And here’s another example of an analogous family using shades of yellow and green:
Here are some (non-primary) examples of how this could look on a signup form:
You can also use contrasting colors.
When you use contrasting colors, your forms will silently scream “Look at me!” And isn’t that the point of your forms — to draw attention to them so people take an action?
Life would be pretty boring without contrast in it. We’d be stuck in a bland world with limited exposure to life-giving diversity.
When the principle of contrast is applied to sign-up forms, your visitors pay attention to what you want them to. This is powerful, as it can lead to something as simple, yet important, as more people noticing your call-to-action button and clicking on it.
There are two ways to use contrast in sign-up forms:
1. Contrast between the form and the site itself
Make the sign-up form’s background a contrasting color from the site itself. This draws the eye to the form naturally. Here’s an example of what that could look like:
2. Contrast within the form
Once you have their attention on your form, your visitor should know exactly what they need to do next: Complete the form! To make this more likely, both the form fields and the button should be very noticeable. Contrast has a lot to do with this.
Notice how the form below uses contrasting shades of black, yellow, and white to draw the eye to the form, the fields, and the button all at once:
If you use complementary colors, you can also make your button and form’s backgrounds both complement and contrast against each other. There’s no quicker way to say “click here” than with color!
Choose the best colors for emails
The colors you use in your marketing emails should be chosen based on the purpose of the email you’re sending.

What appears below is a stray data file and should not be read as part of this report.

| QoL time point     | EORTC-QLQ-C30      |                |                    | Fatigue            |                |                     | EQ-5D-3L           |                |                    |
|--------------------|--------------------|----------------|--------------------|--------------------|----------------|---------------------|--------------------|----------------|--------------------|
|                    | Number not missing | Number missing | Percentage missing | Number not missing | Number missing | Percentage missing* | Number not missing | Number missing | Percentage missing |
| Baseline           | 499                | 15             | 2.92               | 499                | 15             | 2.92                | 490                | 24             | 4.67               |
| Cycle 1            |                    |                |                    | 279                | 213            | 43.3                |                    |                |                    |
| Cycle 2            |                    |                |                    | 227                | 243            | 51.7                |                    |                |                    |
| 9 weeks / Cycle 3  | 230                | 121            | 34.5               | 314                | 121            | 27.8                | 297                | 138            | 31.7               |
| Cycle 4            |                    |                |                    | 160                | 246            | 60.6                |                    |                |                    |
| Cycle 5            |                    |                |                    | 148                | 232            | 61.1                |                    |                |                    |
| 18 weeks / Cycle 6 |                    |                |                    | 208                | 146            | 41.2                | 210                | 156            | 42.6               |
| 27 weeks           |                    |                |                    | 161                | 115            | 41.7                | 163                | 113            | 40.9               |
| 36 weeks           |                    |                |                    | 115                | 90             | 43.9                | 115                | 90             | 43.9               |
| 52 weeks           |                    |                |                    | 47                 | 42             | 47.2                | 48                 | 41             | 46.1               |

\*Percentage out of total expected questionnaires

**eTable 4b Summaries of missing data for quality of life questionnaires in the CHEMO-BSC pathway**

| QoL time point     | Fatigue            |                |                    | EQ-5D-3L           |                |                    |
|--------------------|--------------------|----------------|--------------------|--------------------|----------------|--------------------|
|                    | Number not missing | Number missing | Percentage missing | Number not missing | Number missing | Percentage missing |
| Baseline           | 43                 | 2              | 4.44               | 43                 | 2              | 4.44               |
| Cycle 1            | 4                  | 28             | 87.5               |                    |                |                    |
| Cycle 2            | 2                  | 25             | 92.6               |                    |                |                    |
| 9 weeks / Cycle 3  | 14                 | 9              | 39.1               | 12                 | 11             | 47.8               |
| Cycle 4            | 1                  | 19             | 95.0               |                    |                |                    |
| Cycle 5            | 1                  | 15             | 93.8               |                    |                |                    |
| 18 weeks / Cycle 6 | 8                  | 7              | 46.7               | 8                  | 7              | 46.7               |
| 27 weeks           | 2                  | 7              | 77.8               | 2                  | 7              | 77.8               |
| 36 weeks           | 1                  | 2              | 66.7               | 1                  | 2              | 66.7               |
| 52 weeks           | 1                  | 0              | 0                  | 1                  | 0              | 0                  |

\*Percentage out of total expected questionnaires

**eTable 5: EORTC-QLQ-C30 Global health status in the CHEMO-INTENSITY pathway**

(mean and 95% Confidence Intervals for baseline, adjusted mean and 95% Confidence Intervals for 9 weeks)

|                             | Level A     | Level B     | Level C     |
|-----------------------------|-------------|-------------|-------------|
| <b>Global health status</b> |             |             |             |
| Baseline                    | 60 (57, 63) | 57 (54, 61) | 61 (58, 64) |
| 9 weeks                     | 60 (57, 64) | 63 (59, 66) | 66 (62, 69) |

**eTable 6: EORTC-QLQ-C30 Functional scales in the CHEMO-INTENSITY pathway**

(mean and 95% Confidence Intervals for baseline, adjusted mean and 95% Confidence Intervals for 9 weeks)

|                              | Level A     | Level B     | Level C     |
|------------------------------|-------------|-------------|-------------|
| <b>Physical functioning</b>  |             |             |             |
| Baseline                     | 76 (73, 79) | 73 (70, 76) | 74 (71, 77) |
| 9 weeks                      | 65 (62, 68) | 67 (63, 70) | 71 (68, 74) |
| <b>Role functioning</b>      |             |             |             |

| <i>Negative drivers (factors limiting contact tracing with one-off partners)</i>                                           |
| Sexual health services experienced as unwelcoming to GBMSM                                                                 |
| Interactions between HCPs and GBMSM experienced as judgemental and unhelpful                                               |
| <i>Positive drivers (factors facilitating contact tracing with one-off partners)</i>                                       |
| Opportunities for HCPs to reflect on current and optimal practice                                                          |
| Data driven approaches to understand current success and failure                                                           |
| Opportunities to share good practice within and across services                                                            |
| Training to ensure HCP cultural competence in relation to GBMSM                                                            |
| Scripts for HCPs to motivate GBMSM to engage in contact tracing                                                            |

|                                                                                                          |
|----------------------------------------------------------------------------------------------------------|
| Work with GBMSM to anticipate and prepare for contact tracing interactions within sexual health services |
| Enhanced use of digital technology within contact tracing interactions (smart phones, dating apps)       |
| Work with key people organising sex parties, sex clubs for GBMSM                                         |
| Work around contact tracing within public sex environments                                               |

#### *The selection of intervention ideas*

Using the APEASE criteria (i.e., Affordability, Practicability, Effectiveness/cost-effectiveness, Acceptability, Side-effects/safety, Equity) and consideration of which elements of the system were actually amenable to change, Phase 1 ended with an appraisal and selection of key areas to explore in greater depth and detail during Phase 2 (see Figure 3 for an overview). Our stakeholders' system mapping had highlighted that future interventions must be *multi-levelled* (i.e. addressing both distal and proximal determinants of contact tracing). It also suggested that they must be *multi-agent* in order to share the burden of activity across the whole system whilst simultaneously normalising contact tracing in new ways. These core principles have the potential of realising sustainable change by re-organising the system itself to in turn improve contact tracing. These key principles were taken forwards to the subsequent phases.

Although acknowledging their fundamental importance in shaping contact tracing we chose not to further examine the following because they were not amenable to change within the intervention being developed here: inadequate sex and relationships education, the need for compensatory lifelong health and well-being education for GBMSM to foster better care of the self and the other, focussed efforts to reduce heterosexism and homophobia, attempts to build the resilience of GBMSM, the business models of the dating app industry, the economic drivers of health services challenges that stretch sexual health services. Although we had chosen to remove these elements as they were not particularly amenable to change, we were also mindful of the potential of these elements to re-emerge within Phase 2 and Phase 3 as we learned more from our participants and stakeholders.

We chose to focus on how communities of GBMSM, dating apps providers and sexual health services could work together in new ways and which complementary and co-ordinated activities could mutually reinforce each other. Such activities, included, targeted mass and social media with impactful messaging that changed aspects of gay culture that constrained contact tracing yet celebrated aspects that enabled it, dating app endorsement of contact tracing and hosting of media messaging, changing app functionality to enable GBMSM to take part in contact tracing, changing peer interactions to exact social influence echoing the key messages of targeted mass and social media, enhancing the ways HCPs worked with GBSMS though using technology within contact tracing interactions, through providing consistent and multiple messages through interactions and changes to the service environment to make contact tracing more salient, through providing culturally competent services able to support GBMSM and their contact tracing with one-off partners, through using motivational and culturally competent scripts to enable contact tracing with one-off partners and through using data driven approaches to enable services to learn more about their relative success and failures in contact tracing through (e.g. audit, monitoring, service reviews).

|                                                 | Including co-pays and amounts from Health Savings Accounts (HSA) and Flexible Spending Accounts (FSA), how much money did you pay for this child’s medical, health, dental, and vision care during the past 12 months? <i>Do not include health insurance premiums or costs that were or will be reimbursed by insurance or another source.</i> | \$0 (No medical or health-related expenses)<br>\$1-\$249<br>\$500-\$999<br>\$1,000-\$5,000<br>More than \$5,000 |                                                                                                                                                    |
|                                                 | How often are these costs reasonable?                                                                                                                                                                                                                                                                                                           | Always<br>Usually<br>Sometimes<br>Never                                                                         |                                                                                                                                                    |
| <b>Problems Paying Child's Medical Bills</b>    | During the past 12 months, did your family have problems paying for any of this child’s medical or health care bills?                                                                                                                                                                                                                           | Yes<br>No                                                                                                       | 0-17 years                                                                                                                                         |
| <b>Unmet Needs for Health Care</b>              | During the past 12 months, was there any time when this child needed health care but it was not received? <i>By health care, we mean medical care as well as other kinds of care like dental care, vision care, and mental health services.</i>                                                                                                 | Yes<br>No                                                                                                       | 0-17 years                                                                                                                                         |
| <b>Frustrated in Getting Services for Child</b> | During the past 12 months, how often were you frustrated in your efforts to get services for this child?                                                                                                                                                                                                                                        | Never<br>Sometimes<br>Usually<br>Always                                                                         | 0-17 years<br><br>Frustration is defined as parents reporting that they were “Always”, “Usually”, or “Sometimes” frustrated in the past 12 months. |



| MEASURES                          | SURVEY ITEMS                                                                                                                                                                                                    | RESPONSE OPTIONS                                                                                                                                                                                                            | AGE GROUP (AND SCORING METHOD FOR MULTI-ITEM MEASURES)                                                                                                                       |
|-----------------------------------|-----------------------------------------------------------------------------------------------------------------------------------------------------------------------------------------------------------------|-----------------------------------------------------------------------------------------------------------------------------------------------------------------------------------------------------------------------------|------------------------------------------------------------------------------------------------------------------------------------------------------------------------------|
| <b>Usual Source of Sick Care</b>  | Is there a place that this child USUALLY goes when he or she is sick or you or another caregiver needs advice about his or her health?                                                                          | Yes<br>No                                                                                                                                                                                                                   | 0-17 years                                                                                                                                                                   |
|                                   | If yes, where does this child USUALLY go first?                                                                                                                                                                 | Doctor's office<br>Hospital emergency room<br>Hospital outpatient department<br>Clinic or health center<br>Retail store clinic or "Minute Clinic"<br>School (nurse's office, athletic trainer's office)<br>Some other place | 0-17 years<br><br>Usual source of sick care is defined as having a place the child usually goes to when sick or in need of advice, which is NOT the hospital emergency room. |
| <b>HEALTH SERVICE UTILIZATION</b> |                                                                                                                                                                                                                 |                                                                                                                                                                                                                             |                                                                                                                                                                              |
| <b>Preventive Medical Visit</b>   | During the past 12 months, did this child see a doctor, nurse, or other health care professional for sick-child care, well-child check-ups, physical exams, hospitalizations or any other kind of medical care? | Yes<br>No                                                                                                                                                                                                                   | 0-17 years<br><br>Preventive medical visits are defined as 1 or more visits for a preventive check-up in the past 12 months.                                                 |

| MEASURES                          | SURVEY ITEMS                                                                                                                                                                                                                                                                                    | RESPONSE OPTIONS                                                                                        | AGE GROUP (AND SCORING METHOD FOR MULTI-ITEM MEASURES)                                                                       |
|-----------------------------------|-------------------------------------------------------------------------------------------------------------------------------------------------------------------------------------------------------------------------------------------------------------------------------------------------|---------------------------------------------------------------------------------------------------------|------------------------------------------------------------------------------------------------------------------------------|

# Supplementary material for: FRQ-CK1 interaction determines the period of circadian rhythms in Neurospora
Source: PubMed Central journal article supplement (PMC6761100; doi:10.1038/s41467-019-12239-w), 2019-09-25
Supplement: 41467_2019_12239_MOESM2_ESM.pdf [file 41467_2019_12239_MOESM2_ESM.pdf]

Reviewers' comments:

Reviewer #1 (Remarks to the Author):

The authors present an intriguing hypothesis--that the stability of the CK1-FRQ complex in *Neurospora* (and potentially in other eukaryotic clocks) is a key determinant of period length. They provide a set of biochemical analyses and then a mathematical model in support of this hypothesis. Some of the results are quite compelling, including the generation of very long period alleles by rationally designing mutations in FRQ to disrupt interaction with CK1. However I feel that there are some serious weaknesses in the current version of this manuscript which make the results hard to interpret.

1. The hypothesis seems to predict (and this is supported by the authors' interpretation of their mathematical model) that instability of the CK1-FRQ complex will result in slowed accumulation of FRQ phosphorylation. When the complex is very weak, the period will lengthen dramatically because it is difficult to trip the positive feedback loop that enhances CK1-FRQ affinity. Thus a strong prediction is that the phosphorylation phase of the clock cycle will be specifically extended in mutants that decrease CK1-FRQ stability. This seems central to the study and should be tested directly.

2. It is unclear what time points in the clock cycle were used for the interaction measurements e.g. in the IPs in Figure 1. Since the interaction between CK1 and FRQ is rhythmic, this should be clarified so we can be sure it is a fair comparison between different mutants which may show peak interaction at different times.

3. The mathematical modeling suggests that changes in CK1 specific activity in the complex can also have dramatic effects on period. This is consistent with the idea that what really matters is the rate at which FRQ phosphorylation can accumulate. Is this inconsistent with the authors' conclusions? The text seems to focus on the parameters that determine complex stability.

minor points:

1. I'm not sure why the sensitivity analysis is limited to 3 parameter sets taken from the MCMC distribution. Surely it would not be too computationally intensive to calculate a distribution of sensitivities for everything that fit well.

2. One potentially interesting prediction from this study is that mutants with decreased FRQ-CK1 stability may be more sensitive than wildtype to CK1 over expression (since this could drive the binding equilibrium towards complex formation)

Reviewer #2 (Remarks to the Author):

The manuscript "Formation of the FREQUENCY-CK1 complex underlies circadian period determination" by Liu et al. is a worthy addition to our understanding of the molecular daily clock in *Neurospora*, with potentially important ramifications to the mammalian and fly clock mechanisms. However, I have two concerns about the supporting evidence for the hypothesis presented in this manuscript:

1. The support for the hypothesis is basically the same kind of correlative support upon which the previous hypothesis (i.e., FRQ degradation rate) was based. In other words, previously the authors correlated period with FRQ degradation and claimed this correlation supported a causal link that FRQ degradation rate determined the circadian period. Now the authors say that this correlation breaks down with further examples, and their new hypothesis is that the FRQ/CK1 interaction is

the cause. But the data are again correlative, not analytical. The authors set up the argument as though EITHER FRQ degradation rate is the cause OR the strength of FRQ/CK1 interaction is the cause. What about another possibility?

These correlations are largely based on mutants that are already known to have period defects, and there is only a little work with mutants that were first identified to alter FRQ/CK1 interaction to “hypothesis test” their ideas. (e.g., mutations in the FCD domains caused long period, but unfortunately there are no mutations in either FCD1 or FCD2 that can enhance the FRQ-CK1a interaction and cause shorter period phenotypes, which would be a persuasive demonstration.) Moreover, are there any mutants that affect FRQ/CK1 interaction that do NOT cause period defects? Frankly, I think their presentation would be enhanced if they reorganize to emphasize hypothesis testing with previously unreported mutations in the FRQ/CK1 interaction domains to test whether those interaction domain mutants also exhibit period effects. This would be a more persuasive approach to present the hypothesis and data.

Email newsletter: These types of emails are typically used to send your subscribers regular updates with news, information, or educational content.
Use a lot of white in these emails with just a splash of your brand colors. The idea is to get your subscribers to read the content, so you don’t want secondary colors drawing their attention away. The only exception to this principle is if you want your newsletter readers to click a link in the newsletter, say to read a blog article or watch a video. In that case, use a call to action button that will draw their attention and make them click.
Welcome email: This email is usually one of the first interactions a customer will have with your brand, so use your brand colors to reinforce your company’s visual identity.
Sales email: The colors used in your sales emails will vary depending on your offer. Follow the ways to use psychology of color in marketing we mentioned above to help guide your color choices.
Email color schemes examples
Let’s take a look at how some brands use colors in their email efforts.